• Amity

    This is so true, and I’m glad I started listening to Dean & Kris in Jan 2019.

    Back when I was begging agents for validation (a mere couple of years ago), I got zero requests for a manuscript. Prior to it, I’d had numerous near-misses, so had I lost it? Was the book that bad? I showed the opening to an agent at a conference, and he said my writing was great but he doubted anyone had read my pages… because dragons were an auto-reject. He gave me his card and asked me to submit my next (dragonless) work to him.

    Well, I independantly published that book in June. In less than 4 months, it’s sold 1,000 copies at full price and I’ve recieved some adoring fan mail. I’ve kept the royalites off every sale… and will do so for the life of the copyright… and then my kids get to enjoy those royalites when I’m gone.

    Your readers are out there, readers who want to know what YOUR dragons are like, how YOUR vampires behave, the struggles in YOUR regency romance. You can’t tell how good a book is or is not, and absolutely don’t pay for a ‘professional’ to discourage you. Publish it, let it find its people, and then be so happy writing the next story that you barely notice.

  • Cora

    I’m relieved that I’ve been able to ditch this one ( my critical voice is still strong in other areas). But it applies to most other art forms as well. Will you not paint a landscape of autumnal trees because it’s been done before? And think of music. I like Simon and Garfunkel as much as the next person. But Disturbed’s version of The Sounds of Silence (live version on Conan) is so kick-ass it leaves me breathless. It’s quite obviously the same song. But with metal overtones? It’s amazing.

    Your presentation of any old idea always has the potential of becoming ‘the best’ version as you’ve never told that particular story before. And the readers out there have never seen your version either. Give yourself a chance.

  • C.E. Petit

    The biggest problem with the entire “writing to market” meme (whether to do it or not) is that it presumes knowing the market. And in turn, that presumes being able to accurately define “the market” in the first place.

    It’s one thing to have a market for books in “first year general chemistry” and “introductory multivariate calculus” and “intermediate macroeconomics.” Those are reasonably well-defined markets, although they all have variations that support multiple entrants (by my count, there were seventeen general chemistry texts in 2010 that could expect sales of more than 2,500 copies for that academic year, and none of them had more than a 20% market share). But once one starts moving into fiction, one discovers that very, very few books fit one and only one marketing category or other definition of “market.” Consider, for example, The Tale of the Genji. Is it “romance”? “Japanese fiction”? Something else? And is it part of the same market as, say, Shogun?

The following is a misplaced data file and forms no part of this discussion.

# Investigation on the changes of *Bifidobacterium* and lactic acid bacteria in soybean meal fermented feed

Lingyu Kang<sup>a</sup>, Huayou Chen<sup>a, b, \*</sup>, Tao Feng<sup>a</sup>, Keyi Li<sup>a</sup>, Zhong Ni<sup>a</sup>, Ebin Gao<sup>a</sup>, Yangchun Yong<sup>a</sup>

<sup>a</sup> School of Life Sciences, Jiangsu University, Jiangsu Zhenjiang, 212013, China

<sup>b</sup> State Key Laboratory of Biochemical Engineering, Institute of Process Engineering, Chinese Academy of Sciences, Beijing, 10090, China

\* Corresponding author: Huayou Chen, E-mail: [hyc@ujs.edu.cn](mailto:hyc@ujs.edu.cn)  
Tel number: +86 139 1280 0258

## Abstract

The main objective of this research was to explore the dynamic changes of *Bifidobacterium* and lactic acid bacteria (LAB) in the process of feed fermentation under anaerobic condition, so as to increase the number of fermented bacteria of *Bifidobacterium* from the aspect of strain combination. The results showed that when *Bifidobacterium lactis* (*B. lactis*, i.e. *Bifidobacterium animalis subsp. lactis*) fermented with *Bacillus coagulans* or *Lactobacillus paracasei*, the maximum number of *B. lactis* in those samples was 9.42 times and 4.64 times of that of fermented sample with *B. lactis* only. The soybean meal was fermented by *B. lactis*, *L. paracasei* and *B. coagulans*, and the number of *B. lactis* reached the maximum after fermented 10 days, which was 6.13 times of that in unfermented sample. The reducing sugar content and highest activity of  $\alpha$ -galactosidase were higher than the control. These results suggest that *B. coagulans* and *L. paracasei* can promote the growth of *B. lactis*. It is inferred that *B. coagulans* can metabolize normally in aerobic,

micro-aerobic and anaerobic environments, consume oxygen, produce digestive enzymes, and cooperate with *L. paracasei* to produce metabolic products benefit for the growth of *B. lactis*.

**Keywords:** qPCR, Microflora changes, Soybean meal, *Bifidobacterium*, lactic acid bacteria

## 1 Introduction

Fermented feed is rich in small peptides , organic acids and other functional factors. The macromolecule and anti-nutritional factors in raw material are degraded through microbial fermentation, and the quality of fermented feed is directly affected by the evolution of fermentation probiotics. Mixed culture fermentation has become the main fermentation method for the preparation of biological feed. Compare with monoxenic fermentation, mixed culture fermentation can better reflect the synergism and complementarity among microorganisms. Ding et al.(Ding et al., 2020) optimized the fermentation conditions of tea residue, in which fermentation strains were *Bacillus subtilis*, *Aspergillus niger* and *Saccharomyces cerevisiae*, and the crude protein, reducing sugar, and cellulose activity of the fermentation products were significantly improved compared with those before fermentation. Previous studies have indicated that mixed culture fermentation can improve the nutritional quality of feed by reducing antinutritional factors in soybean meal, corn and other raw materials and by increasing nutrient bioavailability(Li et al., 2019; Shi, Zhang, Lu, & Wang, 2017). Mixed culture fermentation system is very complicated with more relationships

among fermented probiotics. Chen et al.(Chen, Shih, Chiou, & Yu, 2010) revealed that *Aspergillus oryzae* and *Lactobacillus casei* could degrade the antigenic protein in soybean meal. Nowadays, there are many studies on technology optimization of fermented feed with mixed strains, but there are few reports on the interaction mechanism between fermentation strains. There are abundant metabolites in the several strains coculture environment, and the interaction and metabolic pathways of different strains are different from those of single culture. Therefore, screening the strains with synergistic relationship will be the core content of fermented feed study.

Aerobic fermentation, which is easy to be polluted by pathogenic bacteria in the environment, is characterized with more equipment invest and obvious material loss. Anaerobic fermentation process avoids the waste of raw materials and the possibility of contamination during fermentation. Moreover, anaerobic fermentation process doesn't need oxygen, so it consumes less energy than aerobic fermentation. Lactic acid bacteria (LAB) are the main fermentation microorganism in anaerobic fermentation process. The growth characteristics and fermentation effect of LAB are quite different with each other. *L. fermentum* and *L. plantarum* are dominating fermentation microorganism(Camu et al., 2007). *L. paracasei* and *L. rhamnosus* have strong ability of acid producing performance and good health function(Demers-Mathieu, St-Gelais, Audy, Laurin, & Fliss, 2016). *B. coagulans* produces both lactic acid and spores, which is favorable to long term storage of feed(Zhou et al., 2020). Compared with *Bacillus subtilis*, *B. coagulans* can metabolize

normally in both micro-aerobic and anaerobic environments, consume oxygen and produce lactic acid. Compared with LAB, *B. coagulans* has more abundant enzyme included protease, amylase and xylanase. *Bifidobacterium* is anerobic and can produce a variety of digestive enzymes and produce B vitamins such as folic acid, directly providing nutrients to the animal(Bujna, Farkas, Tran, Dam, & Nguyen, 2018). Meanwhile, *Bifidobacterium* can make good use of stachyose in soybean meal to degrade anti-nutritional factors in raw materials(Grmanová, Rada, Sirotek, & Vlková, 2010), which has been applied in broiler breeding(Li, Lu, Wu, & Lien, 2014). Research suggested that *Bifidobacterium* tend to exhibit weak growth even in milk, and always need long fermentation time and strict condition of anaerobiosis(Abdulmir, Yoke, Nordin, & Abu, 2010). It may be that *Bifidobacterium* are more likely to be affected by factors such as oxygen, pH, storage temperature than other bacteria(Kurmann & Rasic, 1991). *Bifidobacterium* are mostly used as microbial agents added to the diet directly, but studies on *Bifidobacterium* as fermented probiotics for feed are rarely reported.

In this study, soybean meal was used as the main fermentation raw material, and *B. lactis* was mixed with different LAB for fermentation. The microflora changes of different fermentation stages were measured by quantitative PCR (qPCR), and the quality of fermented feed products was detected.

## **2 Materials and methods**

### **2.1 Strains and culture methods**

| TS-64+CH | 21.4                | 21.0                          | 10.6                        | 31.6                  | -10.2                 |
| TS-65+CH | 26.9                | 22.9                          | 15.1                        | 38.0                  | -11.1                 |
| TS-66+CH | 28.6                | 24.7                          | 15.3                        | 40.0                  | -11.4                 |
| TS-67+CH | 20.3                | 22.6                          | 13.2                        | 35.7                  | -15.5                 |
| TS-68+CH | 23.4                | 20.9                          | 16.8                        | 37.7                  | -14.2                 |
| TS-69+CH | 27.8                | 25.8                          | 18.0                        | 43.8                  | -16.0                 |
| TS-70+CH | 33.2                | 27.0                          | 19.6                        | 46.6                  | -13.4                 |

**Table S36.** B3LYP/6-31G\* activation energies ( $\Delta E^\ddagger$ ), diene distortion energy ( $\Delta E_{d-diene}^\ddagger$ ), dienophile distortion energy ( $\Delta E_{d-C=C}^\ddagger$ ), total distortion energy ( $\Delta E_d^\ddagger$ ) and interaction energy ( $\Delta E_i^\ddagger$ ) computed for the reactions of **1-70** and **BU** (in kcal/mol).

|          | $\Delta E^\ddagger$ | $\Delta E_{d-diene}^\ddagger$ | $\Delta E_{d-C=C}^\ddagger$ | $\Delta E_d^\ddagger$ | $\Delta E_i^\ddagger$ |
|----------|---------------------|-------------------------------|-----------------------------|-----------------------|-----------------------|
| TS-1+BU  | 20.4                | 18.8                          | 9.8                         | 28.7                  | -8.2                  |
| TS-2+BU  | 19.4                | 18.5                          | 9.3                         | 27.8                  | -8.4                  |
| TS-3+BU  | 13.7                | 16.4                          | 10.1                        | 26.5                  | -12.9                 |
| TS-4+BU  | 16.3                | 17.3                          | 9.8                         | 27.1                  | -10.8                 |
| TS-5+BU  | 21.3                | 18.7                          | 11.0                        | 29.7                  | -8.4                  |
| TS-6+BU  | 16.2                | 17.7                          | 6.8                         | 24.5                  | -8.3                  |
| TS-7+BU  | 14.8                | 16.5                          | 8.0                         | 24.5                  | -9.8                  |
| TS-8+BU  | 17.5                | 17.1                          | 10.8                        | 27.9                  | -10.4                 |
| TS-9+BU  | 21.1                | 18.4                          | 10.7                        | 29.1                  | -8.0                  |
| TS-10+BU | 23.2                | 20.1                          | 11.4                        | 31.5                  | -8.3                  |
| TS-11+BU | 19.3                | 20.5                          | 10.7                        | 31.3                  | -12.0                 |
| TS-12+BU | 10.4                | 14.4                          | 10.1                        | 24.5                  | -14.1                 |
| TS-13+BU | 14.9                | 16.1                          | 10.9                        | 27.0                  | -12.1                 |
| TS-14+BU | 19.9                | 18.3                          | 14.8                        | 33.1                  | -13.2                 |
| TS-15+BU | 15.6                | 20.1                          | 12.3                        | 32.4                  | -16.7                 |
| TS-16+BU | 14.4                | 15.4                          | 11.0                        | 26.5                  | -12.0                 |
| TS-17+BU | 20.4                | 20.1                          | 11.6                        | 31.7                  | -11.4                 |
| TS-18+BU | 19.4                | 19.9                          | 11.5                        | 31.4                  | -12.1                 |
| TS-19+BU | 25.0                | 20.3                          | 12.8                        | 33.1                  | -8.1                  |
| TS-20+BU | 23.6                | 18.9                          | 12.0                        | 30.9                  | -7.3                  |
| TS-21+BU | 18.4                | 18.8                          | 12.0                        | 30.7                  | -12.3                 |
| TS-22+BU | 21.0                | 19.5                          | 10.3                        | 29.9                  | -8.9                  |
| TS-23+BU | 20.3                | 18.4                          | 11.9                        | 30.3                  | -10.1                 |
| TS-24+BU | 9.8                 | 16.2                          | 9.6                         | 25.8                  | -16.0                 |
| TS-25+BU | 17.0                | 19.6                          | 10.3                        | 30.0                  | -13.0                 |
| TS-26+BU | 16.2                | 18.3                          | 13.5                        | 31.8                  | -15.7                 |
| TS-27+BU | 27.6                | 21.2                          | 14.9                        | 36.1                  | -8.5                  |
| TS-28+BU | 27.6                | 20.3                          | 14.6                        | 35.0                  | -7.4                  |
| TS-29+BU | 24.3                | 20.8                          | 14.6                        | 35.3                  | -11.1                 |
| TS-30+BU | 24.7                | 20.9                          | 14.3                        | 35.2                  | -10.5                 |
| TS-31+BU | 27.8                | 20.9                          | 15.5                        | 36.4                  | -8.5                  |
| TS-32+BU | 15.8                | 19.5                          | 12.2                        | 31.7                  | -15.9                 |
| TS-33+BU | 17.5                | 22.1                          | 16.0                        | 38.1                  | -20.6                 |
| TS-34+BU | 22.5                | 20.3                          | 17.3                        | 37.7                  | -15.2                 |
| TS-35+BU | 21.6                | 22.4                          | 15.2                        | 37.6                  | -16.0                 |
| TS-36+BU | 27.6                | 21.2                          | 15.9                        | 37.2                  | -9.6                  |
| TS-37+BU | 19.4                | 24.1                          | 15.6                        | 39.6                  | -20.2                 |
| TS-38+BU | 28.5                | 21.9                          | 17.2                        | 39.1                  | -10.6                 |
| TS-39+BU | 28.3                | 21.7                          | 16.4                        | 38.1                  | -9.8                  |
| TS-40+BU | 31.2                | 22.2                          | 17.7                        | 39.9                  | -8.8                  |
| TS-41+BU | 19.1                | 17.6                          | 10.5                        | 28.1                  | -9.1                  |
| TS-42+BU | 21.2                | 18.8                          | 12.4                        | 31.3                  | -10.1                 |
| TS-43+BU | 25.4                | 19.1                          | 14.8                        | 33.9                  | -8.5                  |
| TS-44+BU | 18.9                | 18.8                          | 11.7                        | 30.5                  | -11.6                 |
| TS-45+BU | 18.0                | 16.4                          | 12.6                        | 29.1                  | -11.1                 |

• Sheila

    The whole “write to market” thing comes down to “find what’s currently selling a lot and write books just like that, always keeping up with what is hot and changing to suit”, otherwise known as writing to trend. It’s [i]a[/i] market, it’s not [i]the[./] market. The market is huge, the billions of people who read books. It’s not a monolithic, only buys one thing, group. If it was, there would only be one kind of anything you can think of, like laundry detergent, type of vegetables, brand of clothes and so on.

    Are some things harder to sell than others? Sure. It’s like that with everything. Poetry isn’t easy, nor or memoirs, indies are still working hard to sell well in children’s books. As long as that’s understood, do what you want, with the expectation that you likely won’t be earning a living from it (not that most writers do, or ever did).

    Open eyes, open mind, knowledge and the drive to tell stories.